Subjects’ characteristics are summarized in Table 1. The mean age of the study population was 60.2 years, made up of 139 females (43.8%) and 178 males (56.2%), in which 74 patients without organ failure (23.3%) and 243 patients with organ failure (76.7%). The mean of length of stay in ICU was 10.6 days. In-hospital mortality of the study population was 14/8% and 30-day mortality was 12.6% (Table 1). At a mean time of 12 hours, the average fluid balance was 3.2 L, with fluid input of 4.6 L and fluid output 1.4 L. Average fluid balance at 24 hours, 36 hours, and 48 hours were 1.9L, 1.6 L, and 1.1L, respectively (Figure 1A). Cumulative fluid balance at 24 hours, 36 hours, and 48 hours were 5.1 L, 6.7 L, and 7.8 L, respectively (Figure 1B).
Note: Continuous Variables were shown Mean ± SD and Median (IQR); Categorical Variables were Shown Counts (%).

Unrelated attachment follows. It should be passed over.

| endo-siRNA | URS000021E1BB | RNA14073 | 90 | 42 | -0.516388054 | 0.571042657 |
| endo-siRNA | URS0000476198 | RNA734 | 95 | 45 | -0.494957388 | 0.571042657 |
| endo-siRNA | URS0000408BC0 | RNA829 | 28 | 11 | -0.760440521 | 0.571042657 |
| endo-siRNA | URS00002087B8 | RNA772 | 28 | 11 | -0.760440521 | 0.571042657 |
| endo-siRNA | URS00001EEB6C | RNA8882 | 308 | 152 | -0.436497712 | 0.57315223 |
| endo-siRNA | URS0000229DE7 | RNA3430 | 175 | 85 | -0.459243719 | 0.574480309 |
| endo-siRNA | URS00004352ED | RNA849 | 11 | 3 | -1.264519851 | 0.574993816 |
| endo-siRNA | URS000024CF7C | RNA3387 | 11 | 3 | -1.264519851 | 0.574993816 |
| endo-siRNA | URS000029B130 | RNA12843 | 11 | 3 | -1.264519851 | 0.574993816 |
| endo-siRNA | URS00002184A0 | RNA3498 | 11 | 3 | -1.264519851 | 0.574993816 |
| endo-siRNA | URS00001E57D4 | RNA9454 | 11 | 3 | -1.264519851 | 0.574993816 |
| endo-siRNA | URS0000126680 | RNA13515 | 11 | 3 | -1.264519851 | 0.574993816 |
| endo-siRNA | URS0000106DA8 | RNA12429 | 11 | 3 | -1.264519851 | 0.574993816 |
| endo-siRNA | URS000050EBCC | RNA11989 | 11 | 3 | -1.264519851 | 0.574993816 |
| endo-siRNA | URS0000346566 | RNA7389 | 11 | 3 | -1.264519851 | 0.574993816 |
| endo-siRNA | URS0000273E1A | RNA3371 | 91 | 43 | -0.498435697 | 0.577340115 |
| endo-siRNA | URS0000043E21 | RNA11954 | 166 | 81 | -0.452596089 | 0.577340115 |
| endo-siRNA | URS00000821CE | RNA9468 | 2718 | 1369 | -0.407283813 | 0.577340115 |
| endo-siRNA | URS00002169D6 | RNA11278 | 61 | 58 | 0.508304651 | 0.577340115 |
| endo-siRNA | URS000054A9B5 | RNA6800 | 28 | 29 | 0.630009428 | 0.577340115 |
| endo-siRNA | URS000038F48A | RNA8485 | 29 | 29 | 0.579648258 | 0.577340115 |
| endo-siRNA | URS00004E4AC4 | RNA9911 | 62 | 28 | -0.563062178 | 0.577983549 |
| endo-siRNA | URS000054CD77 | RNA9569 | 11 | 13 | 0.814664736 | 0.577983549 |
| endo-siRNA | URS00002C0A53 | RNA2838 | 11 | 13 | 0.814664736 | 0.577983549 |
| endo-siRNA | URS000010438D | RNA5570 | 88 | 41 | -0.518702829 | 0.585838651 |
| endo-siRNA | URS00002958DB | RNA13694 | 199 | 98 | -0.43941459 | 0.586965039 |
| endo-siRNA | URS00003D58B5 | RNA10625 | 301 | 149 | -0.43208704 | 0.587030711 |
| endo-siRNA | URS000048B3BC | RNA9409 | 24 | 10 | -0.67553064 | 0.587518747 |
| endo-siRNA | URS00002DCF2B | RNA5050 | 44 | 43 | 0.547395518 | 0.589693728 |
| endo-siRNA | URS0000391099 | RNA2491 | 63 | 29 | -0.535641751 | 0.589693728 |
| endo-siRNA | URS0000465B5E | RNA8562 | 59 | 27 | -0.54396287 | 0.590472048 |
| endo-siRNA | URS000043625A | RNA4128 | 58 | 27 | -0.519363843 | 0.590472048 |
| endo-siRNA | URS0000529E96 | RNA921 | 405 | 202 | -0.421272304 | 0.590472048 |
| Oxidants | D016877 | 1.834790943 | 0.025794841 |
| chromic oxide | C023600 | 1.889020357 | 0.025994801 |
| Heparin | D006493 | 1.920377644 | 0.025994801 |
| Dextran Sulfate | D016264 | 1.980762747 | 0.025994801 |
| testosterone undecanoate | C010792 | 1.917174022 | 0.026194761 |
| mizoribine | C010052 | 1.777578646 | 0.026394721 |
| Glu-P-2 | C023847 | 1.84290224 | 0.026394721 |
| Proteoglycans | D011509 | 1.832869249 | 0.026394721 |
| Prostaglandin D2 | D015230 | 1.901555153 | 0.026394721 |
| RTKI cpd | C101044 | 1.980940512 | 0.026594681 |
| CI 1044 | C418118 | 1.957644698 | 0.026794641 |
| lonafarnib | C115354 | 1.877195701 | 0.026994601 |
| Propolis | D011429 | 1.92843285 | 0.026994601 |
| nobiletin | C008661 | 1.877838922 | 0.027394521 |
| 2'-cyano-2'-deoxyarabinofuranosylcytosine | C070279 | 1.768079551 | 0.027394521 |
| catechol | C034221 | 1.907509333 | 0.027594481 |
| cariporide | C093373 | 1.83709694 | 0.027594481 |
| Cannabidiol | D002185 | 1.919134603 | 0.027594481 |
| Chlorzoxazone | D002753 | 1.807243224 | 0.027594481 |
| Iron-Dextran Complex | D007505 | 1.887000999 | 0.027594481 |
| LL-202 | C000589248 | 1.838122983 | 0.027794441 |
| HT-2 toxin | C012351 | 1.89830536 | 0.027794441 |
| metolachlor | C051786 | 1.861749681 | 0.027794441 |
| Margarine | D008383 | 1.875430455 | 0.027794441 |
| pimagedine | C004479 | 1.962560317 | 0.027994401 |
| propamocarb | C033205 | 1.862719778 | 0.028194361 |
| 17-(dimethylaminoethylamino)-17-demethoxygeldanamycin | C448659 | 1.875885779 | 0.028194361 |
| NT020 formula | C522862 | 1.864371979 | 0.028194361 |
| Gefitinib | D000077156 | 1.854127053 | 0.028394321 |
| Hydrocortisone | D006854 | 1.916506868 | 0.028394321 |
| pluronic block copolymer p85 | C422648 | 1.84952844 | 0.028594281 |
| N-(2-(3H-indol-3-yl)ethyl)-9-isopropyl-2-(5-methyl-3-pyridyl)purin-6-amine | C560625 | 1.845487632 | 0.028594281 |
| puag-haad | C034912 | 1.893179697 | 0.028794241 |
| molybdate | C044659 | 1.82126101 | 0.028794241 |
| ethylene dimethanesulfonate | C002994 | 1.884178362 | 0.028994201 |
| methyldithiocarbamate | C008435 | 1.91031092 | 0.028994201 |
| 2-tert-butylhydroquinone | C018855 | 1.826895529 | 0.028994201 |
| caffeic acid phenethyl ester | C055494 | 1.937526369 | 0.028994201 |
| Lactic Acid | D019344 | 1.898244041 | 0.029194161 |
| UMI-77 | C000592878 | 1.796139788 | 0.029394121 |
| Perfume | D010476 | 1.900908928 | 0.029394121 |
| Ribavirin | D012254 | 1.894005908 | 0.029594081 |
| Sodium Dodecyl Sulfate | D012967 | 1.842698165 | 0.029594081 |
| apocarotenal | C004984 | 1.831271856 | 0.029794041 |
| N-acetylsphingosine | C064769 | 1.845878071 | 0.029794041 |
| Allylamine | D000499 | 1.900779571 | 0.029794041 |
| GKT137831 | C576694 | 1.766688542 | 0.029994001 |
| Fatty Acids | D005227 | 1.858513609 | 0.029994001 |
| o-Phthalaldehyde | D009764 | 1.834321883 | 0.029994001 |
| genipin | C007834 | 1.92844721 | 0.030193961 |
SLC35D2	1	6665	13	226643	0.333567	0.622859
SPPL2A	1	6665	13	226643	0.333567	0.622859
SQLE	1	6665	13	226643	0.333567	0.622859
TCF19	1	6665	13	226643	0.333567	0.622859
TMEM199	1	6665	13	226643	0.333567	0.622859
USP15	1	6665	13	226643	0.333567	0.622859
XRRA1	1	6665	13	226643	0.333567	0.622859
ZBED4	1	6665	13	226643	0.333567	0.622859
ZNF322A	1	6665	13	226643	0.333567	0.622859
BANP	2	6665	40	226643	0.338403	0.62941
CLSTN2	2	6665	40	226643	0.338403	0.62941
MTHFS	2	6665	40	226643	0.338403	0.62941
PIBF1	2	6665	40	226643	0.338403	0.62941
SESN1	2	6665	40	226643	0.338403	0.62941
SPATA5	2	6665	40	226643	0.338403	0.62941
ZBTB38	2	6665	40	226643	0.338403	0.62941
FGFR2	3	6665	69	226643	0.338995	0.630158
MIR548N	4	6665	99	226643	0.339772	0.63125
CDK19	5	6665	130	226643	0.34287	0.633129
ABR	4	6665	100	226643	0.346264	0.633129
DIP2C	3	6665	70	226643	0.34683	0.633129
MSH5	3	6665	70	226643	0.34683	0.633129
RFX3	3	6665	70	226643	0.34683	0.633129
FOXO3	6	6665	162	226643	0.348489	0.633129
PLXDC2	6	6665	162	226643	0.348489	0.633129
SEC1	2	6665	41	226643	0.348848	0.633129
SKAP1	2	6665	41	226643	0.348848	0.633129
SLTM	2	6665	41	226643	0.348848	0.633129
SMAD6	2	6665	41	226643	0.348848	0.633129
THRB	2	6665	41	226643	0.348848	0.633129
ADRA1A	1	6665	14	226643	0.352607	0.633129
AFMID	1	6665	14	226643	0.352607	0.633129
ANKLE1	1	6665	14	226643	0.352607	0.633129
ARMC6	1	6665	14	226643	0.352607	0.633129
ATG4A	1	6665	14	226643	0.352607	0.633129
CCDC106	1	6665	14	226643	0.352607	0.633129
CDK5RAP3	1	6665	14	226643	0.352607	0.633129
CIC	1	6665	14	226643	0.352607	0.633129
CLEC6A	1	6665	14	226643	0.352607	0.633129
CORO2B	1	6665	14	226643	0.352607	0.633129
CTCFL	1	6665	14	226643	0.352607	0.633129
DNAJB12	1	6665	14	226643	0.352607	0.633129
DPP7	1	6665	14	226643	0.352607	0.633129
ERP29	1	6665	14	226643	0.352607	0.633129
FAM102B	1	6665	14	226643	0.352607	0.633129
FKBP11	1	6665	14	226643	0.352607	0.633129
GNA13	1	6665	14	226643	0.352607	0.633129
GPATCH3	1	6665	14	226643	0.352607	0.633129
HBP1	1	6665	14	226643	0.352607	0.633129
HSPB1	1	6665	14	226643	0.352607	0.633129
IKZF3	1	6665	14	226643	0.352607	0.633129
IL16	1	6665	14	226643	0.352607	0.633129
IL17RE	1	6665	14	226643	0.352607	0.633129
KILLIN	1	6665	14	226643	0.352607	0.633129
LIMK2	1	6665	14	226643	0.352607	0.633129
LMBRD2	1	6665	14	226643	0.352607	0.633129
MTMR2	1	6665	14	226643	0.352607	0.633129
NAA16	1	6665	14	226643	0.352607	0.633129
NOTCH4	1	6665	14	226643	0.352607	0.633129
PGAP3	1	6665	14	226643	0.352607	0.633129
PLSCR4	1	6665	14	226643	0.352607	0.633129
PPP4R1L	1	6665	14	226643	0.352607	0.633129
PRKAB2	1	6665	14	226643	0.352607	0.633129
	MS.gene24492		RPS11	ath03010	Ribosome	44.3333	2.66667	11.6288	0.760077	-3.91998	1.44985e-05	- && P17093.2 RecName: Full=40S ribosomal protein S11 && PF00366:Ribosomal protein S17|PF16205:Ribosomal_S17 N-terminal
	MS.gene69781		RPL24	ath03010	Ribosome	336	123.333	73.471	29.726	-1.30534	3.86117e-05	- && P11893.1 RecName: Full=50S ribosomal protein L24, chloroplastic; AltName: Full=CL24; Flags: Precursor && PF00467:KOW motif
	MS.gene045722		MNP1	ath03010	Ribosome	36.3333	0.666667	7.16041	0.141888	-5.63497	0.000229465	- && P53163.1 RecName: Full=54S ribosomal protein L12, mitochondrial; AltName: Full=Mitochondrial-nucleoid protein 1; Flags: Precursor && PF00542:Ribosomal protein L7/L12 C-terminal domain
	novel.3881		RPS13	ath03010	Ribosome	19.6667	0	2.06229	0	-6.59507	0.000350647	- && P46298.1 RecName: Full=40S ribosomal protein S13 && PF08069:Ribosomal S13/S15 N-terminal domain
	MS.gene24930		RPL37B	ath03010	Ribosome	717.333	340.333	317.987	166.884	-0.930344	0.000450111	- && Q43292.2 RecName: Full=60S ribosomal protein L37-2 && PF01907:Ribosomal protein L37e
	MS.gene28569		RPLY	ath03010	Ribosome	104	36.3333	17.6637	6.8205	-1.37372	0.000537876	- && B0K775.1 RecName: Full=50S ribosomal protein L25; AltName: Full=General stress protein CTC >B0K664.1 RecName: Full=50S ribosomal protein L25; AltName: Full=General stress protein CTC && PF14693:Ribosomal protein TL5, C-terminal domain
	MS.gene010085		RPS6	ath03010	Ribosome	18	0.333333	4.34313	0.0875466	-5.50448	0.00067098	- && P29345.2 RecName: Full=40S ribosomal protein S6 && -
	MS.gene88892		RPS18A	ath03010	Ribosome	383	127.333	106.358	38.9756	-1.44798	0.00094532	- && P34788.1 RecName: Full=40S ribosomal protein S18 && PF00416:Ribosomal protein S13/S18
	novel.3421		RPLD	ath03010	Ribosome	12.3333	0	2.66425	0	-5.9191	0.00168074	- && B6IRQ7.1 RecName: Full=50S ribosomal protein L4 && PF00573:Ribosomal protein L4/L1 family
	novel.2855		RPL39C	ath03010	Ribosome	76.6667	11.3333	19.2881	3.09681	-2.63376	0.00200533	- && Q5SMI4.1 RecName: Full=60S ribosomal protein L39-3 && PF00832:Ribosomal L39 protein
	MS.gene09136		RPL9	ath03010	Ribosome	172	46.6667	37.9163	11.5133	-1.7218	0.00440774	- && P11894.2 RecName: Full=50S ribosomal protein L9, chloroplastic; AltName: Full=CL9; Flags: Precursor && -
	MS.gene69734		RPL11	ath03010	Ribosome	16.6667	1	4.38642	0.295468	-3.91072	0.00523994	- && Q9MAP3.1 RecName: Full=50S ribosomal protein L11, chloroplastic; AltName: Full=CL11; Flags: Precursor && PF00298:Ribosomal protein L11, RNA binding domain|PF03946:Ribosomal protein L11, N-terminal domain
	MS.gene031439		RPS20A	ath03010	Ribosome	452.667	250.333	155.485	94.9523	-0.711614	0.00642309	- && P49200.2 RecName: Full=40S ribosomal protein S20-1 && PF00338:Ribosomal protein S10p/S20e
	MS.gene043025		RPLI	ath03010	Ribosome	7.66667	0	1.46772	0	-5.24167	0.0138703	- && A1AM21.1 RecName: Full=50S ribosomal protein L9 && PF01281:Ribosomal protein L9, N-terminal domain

Table 2 depicts the results of logistic regression analysis of associations between fluid resuscitation and organ failure, inhospital mortality and 30-day mortality. Multivariate logistic regression analysis revealed that the odds of organ failure increased significantly in association with increased fluid input at 0-12 hours and 36-48 hours [adjusted odds ratio (aOR) = 1.125, 95% confidence interval (CI) = 1.019-1.243; aOR = 1.207, 95% CI = 1.0002-1.457], and with increased fluid balance at 0-12 hours and 36-48 hours (aOR = 1.103, 95% CI = 1.004-1.210; aOR = 1.180, 95% CI = 1.009-1.380, respectively). The odds of in-hospital mortality increased significantly associated with increased fluid input at 24- 36 hours (aOR = 1.205, 95% CI = 1.058-1.373) and with increased fluid balance at 24-36 hours (aOR = 1.196, 95% CI = 1.049-1.364). In addition, the odds of 30-day mortality increased significantly associated with fluid input increases at 24-36 hours (aOR = 1.175, 95% CI = 1.028-1.343) and with fluid balance increases at 24-36 hours (aOR = 1.188, 95% CI = 1.038-1.359) (Table 2).